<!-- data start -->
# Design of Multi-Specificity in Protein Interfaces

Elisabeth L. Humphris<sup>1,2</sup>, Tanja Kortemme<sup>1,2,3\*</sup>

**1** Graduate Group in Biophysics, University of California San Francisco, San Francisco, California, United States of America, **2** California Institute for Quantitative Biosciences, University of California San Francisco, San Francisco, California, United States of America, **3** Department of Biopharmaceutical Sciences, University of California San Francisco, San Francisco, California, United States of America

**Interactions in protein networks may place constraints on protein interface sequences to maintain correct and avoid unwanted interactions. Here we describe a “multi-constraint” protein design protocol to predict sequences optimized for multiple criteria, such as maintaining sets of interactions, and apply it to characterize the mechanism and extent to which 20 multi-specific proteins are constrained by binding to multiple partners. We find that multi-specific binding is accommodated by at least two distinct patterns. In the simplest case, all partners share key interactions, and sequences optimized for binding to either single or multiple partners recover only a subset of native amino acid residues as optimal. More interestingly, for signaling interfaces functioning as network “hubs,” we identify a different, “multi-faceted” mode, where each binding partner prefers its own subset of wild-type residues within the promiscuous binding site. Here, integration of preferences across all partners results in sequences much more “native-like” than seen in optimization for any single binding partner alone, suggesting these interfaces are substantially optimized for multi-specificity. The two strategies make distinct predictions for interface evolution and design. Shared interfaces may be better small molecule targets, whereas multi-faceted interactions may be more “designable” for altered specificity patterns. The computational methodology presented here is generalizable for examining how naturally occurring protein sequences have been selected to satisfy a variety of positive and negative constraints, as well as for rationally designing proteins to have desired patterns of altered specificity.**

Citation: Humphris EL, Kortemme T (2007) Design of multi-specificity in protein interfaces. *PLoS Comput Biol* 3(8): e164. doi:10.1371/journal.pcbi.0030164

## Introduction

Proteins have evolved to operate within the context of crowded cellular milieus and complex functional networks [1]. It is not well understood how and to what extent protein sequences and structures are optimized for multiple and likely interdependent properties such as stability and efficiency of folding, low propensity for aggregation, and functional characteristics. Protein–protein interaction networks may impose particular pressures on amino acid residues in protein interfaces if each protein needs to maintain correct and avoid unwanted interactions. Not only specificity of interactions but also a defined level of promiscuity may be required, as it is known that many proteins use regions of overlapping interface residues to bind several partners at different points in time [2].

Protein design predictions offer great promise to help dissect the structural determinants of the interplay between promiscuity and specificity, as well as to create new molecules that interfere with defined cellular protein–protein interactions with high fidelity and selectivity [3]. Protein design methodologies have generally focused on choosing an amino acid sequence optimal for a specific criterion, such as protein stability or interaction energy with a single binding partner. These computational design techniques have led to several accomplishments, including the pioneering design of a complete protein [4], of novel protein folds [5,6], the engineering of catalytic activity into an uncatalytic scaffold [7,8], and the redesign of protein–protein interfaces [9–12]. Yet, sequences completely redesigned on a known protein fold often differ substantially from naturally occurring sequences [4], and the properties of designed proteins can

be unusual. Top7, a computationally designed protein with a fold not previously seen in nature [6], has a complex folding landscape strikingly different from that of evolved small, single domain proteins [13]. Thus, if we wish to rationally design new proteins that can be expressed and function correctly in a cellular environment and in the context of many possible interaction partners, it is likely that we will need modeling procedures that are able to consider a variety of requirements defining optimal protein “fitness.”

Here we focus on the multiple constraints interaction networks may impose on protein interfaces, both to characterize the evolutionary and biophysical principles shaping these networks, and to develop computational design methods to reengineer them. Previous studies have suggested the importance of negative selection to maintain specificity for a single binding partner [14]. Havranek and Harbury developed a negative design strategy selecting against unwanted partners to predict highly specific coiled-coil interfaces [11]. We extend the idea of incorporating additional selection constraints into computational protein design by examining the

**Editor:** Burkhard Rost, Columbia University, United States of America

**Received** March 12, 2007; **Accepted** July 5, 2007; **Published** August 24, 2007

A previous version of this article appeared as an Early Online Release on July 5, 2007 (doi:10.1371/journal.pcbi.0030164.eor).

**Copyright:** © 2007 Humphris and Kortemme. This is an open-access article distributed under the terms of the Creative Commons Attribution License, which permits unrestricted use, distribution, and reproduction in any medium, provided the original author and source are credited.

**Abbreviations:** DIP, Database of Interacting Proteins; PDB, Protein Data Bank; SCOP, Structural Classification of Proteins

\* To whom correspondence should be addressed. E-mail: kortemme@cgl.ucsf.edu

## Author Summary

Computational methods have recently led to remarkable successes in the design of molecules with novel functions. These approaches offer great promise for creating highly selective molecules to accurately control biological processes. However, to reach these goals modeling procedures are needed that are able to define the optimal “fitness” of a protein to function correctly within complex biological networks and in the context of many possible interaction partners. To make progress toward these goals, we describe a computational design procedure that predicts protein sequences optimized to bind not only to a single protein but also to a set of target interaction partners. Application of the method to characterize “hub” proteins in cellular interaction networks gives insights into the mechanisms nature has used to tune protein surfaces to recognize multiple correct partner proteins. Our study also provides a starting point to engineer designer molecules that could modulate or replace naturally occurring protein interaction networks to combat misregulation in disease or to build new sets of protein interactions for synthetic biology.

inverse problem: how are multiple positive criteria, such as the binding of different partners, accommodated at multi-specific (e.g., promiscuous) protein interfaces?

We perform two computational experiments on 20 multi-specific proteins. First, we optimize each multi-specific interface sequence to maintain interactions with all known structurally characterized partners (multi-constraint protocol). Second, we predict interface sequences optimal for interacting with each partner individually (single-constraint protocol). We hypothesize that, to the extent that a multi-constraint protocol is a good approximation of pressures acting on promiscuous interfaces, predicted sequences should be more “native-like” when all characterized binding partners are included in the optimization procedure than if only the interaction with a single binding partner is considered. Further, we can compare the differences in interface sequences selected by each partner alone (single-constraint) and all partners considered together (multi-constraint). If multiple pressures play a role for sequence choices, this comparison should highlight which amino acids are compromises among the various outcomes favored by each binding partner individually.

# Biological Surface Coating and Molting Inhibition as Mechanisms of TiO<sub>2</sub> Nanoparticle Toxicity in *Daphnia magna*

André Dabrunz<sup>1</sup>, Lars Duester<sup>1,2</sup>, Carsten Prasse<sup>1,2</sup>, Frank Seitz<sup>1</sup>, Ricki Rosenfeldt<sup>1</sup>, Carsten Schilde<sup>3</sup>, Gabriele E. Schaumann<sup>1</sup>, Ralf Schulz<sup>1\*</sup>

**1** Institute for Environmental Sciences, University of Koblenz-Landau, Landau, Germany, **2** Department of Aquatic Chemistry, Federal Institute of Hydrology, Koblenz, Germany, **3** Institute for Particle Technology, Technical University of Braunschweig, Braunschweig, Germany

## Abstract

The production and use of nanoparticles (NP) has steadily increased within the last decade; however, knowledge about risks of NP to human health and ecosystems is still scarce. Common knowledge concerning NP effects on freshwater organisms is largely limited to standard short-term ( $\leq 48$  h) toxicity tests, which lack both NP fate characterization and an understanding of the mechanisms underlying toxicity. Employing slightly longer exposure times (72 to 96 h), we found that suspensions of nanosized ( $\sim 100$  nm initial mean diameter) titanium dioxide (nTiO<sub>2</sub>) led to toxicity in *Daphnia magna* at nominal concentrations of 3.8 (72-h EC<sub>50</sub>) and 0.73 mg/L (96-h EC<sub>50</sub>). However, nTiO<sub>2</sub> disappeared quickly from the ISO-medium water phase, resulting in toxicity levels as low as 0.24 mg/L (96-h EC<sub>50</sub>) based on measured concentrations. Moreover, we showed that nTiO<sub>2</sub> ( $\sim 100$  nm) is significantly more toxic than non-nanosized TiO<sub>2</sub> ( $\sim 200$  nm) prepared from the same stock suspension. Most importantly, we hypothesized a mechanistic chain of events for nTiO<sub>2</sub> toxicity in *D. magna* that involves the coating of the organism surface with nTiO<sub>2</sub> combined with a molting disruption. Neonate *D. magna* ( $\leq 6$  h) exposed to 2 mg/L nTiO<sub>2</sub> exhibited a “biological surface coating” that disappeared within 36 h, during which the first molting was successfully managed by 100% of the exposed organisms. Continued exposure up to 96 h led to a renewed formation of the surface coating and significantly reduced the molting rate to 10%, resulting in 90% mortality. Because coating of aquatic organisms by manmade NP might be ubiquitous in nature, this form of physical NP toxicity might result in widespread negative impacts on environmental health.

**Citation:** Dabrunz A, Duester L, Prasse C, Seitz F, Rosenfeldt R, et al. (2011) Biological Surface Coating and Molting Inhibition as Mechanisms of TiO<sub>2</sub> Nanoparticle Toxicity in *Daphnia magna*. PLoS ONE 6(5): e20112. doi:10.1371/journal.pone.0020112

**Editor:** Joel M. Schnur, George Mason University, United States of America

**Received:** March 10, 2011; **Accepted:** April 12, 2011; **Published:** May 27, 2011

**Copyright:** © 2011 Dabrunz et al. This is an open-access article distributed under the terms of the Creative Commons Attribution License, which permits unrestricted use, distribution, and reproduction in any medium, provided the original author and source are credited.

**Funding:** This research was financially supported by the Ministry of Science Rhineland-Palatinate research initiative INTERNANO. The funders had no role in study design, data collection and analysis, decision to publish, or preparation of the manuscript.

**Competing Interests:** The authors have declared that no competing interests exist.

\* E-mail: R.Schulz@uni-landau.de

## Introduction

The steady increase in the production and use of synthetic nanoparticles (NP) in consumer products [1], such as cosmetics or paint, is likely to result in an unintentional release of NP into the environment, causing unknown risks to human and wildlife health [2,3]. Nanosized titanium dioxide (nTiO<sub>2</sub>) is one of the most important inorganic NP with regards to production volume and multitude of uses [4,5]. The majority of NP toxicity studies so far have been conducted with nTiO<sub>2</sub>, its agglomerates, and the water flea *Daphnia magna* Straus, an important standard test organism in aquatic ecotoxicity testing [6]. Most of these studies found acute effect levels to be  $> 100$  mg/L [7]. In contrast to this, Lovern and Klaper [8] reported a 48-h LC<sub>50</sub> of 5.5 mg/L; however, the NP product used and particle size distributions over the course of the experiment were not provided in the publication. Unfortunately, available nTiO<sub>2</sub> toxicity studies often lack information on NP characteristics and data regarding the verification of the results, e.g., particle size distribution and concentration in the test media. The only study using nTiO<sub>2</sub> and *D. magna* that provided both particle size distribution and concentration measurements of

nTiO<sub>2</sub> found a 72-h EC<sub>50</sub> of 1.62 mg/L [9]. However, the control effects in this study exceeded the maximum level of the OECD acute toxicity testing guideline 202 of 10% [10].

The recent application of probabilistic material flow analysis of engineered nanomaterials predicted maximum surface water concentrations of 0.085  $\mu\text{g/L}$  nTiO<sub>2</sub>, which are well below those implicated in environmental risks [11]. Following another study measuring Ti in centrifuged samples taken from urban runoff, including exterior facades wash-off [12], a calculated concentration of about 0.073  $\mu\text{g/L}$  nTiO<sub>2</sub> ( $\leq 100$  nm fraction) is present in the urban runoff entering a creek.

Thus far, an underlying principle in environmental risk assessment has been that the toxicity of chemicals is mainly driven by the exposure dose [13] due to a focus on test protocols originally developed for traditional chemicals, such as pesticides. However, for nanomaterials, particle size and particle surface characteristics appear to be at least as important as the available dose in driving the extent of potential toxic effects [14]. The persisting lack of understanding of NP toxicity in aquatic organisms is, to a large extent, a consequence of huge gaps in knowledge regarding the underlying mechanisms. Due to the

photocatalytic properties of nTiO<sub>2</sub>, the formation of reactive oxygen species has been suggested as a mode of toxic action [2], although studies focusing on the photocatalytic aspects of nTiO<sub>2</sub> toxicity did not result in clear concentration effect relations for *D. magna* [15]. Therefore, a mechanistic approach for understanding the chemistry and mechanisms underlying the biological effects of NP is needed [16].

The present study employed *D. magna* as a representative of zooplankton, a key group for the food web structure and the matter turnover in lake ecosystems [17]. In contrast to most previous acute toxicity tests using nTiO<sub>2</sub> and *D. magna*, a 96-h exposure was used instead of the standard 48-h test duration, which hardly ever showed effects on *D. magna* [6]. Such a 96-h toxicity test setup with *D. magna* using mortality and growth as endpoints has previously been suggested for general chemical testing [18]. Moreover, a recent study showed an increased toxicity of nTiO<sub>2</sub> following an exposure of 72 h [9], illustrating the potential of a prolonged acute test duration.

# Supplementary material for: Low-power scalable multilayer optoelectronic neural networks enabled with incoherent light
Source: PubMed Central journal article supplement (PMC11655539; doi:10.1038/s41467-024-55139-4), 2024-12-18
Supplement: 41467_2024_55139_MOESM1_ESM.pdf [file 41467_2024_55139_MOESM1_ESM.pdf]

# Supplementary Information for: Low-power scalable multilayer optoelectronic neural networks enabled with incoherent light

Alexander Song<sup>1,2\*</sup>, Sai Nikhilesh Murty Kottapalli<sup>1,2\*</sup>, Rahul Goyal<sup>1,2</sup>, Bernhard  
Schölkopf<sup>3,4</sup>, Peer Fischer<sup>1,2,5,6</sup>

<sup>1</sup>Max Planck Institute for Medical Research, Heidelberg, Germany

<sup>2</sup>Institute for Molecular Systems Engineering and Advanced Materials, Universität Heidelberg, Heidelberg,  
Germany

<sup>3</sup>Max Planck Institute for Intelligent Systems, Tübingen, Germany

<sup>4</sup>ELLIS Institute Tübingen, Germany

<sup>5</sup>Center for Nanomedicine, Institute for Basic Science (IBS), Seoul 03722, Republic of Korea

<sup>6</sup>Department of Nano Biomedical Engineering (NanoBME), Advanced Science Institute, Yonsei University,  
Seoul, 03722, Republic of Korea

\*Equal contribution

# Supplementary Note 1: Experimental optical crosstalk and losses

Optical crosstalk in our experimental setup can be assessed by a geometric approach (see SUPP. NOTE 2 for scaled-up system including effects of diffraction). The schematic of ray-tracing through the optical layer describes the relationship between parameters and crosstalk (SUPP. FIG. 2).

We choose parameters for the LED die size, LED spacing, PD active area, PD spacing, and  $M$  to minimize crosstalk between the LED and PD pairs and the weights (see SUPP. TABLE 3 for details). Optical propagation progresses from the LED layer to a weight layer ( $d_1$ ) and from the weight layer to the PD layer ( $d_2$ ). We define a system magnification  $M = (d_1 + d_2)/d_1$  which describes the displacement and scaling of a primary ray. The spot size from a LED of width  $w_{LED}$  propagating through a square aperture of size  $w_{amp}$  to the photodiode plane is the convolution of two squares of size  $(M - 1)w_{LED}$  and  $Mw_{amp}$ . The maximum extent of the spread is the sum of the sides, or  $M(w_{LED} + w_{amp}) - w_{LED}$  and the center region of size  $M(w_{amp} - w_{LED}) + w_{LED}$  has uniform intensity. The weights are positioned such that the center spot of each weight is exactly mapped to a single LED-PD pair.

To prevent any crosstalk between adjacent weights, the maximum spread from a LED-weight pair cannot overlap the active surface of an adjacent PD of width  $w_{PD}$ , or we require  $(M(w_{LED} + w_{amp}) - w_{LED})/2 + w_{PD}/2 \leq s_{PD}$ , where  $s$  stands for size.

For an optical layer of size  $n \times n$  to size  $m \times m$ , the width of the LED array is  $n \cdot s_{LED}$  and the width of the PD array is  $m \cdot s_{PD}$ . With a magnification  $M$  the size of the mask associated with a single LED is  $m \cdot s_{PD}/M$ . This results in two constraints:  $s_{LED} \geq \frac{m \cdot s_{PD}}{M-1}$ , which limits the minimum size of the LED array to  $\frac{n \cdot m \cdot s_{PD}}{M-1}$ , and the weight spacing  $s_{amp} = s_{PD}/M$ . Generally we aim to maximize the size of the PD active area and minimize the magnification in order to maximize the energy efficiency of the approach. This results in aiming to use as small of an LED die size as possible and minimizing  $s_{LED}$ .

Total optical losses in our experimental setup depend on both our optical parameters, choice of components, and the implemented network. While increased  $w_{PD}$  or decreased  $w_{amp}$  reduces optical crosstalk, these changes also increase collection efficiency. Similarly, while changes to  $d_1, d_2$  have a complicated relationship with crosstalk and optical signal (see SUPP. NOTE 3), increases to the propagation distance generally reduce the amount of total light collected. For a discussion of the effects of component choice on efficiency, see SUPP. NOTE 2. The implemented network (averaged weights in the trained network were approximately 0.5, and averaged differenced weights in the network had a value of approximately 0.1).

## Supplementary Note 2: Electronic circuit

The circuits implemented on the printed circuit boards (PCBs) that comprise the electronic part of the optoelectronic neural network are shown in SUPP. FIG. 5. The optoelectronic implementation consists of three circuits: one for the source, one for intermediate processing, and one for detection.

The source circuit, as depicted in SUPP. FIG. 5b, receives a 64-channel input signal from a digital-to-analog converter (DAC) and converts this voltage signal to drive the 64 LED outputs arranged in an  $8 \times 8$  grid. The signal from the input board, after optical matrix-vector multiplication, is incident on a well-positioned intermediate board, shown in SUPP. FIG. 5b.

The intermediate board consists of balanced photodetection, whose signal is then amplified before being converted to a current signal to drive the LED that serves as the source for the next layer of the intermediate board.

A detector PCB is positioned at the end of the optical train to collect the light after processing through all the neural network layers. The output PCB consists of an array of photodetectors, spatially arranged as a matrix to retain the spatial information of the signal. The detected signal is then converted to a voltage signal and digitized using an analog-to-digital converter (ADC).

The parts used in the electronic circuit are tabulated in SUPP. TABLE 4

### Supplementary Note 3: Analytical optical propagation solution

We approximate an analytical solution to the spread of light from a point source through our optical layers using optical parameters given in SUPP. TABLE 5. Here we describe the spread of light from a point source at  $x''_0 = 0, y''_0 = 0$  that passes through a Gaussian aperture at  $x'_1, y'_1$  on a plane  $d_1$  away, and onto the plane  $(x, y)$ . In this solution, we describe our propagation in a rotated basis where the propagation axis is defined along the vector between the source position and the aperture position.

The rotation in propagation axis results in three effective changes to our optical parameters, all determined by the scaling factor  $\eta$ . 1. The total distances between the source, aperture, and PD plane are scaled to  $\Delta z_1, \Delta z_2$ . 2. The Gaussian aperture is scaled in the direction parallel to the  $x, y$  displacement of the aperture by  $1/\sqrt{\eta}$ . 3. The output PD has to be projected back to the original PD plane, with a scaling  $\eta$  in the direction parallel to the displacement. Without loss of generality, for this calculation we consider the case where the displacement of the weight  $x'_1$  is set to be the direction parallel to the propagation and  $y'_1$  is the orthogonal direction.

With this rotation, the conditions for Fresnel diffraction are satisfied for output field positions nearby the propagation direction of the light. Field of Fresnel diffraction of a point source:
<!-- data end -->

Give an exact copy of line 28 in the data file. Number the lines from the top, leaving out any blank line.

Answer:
**Received:** March 10, 2011; **Accepted:** April 12, 2011; **Published:** May 27, 2011